In this excerpt from a longer column, the Rev. Canon Albert Ogle tells how a retired couple is supporting change in Africa through personal contact with a priest from Malawi who was one of 26 LGBT activists who visited Washington, D.C., in July through Ogle’s Spirit of 76 Worldwide program.
I returned to DC this week, six weeks after the event, to see what impact these people and their stories had upon the shepherds [host families] and their congregations. I discovered that the impact was quite profound. One retired married couple had provided a base for Macdonald Sembereka, an Anglican priest living in Malawi. He is HIV-positive and part of an international network of 7,000 HIV-positive religious leaders called INERELA.
As a straight advocate for LGBT inclusion, Macdonald experienced so much stigma from his faith community that he now works to alleviate it for everyone. When he began to speak out in favor of decriminalization of LGBT people in Malawi, the mob turned on him. As legislators added lesbianism to the anti-gay penal code, someone firebombed Macdonald’s home last year while his wife and children lay sleeping. This did not deter him from working to reduce discrimination against LGBT people and he focused largely on the homophobia within the churches and began to organize conference for religious leaders and politicians to discuss this issue.
So we assigned Macdonald to [the Church of the] Good Shepherd in the hope there would be good chemistry and, sure enough, the report last night from our two retired teachers was extremely encouraging.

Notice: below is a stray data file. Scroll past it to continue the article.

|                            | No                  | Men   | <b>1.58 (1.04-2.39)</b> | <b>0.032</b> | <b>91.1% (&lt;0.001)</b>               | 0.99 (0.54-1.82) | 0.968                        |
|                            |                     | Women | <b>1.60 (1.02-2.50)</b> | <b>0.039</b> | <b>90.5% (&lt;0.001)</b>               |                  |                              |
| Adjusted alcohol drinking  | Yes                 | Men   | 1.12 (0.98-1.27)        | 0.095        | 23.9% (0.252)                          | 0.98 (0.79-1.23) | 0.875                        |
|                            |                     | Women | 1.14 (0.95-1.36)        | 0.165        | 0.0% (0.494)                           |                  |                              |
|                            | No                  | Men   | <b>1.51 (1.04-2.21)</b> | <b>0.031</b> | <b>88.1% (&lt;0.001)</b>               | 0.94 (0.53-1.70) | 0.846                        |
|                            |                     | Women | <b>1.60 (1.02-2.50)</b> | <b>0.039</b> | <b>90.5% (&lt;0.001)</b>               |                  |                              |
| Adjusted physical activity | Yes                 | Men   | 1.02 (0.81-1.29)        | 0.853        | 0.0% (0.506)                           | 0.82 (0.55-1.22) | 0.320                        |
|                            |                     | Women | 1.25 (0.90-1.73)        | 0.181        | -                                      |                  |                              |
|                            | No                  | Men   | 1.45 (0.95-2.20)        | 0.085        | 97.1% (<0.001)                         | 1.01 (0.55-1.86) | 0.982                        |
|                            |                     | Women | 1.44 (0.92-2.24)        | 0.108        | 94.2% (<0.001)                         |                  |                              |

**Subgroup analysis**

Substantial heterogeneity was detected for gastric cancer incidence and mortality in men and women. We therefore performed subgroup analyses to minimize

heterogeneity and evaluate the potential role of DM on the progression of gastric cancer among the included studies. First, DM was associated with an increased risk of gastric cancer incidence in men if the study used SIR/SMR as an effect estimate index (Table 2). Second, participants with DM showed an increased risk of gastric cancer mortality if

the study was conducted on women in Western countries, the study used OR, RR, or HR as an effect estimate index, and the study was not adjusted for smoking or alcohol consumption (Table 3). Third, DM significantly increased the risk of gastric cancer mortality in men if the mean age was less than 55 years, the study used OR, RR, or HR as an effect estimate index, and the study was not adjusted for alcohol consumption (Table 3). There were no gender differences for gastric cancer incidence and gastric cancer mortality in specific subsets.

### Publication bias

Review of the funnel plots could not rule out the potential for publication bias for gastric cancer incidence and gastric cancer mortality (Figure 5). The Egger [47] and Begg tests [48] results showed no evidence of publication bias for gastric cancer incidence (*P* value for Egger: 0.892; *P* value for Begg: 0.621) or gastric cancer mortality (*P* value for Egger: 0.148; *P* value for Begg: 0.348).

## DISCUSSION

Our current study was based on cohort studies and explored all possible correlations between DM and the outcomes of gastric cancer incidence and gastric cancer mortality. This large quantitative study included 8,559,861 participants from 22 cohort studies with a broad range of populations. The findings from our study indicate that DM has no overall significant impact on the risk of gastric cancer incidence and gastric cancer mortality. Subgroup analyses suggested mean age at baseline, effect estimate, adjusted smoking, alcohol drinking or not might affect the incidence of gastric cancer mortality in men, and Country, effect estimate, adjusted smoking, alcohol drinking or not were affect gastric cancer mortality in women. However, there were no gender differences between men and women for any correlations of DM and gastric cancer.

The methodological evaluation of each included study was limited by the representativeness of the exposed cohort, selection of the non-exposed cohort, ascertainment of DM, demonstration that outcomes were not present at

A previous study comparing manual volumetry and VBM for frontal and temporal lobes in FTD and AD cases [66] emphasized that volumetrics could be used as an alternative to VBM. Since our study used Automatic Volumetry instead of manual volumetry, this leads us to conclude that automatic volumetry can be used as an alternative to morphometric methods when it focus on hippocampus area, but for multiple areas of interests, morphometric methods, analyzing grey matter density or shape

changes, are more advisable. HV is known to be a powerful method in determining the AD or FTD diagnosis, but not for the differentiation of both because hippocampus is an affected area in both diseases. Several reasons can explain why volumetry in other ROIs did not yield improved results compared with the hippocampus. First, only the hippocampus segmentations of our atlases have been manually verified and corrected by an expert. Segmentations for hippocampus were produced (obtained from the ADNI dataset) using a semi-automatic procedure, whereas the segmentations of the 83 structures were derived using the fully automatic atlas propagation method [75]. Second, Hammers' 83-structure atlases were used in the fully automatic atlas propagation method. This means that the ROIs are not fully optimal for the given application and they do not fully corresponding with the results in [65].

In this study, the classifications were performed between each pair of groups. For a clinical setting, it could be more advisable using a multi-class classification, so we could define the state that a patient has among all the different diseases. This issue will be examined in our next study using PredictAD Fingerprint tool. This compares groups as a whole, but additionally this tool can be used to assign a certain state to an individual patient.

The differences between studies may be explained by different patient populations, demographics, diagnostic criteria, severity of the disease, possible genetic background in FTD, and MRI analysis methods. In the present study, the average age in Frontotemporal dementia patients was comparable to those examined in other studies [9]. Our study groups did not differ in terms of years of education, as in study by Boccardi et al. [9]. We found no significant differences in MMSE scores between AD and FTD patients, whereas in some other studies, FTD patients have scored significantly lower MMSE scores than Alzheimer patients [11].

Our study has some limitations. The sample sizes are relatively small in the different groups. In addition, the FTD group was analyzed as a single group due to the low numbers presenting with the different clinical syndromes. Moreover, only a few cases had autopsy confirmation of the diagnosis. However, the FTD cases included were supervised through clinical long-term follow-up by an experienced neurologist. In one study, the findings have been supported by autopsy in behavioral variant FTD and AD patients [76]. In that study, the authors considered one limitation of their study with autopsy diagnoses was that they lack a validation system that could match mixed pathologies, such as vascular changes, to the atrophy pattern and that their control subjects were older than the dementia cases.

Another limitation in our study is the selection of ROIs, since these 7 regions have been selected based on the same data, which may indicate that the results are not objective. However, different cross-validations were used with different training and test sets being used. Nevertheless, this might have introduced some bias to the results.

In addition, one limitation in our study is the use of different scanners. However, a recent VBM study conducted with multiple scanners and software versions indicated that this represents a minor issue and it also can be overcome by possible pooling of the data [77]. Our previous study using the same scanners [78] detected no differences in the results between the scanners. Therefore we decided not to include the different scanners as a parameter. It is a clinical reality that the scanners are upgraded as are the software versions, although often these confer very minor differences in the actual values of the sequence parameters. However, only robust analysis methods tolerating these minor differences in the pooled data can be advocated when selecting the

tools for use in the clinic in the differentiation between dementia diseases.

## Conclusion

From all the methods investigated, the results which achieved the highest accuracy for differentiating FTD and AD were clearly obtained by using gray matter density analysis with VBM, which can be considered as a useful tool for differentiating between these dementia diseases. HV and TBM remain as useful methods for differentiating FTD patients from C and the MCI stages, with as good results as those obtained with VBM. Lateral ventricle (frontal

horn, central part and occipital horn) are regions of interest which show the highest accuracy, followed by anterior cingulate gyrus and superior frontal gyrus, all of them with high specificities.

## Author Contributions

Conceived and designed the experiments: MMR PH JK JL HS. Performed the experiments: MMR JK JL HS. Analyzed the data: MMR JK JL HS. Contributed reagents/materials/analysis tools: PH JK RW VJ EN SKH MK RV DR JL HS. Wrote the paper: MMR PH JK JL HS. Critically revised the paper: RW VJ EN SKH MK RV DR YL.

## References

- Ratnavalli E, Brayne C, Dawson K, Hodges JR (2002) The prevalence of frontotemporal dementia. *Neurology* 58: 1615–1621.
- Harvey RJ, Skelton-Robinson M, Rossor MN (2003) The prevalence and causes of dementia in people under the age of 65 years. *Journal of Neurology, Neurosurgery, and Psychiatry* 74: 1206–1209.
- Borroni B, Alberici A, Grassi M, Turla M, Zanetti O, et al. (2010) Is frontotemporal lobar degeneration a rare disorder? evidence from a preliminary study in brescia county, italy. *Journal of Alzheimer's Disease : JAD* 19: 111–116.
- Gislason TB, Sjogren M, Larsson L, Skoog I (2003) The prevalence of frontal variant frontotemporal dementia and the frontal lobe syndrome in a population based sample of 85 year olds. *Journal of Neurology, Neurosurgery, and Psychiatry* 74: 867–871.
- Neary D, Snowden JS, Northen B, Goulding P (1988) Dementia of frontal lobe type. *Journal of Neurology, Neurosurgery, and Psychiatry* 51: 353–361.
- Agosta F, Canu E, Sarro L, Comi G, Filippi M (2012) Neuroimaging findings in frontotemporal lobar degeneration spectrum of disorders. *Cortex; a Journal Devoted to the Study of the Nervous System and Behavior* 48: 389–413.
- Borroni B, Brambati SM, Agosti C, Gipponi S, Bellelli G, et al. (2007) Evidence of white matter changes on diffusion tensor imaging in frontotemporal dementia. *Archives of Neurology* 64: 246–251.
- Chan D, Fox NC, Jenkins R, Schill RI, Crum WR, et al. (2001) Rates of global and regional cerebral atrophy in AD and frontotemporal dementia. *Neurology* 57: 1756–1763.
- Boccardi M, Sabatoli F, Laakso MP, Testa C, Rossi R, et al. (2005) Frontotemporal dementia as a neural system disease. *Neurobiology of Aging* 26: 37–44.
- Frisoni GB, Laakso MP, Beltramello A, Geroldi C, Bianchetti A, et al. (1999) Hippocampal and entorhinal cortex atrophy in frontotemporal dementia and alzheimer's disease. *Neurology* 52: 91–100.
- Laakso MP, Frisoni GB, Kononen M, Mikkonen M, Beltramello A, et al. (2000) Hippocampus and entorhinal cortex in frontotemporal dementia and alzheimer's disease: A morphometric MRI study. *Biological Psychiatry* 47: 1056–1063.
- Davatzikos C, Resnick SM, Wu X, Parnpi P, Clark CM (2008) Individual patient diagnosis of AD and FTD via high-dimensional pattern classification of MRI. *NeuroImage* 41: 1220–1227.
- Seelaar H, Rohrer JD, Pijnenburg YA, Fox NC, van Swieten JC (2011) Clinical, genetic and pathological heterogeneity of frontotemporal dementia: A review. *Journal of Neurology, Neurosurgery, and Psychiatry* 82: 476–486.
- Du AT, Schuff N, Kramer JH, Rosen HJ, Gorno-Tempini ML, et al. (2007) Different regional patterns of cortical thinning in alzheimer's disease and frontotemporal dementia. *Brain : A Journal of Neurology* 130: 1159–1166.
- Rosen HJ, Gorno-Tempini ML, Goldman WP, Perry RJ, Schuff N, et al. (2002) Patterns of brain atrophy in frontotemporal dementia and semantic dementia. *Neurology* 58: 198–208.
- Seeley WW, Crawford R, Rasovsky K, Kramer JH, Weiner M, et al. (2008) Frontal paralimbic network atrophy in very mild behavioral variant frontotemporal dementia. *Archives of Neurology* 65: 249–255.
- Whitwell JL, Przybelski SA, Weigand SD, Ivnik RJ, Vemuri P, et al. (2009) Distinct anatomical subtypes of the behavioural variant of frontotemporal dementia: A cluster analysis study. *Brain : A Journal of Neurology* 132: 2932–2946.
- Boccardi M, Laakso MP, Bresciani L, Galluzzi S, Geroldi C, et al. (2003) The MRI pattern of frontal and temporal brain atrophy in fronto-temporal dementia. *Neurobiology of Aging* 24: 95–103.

Macdonald had been invited to D.C. to take part in a meeting of the Presidential AIDS Program (PEPFAR) and he wanted to stay with his new friends in Silver Spring. So they were sitting at the dinner table when Macdonald’s cell phone rang and he answered it. He excused himself and began talking energetically and used the word “Excellency” a couple of times. As the new presidential adviser on Non Government Organizations, Macdonald was speaking with Joyce Banda, the president of Malawi. She was in New York trying to raise support to feed her 1.3 million starving people and was now on her way to Washington to build more support for her case.
Macdonald passed the phone to his host to say hello. Mary was eating her ice cream and didn’t have to time to figure out she was speaking to a head of state. She remembered to call her “Your Excellency” and they had a conversation about her Presbyterian past and the mission she was on in the USA. She told the president how Macdonald had changed their awareness about so many international issues and how impressed they were that she was one of the few African heads of state willing to look seriously at repealing the anti-gay laws on her countries books.
Mary’s congregation raised almost $3,000 to support the Spirit of 76 program to bring 26 international visitors and an additional $1,000 to support a little orphanage Macdonald was helping. A little money for uniforms and school fees went a long way. The couple laughed and recounted how excited he was to shop at our bargain department stores for shoes and clothes for his orphans. He was particularly proud of one who had made it to medical school.
The Silver Springs congregation is now supporting his work and Macdonald is welcome any time in Mary and Paul’s home. Their tangible support of this one man is helping to change a country and simply by opening hearts and homes, Macdonald was able to find kindred spirits and the bread of angels to sustain him on a difficult journey towards equality.
Read the full column, “RGOD2: Finding kindred spirits with straight allies in the faith community,” in the San Diego Gay and Lesbian News.
- New activist network fights AIDS and anti-LGBT laws (76crimes.com)
- Malawi’s JB, Clinton sign pact: Poverty eradication initiative (nyasatimes.com)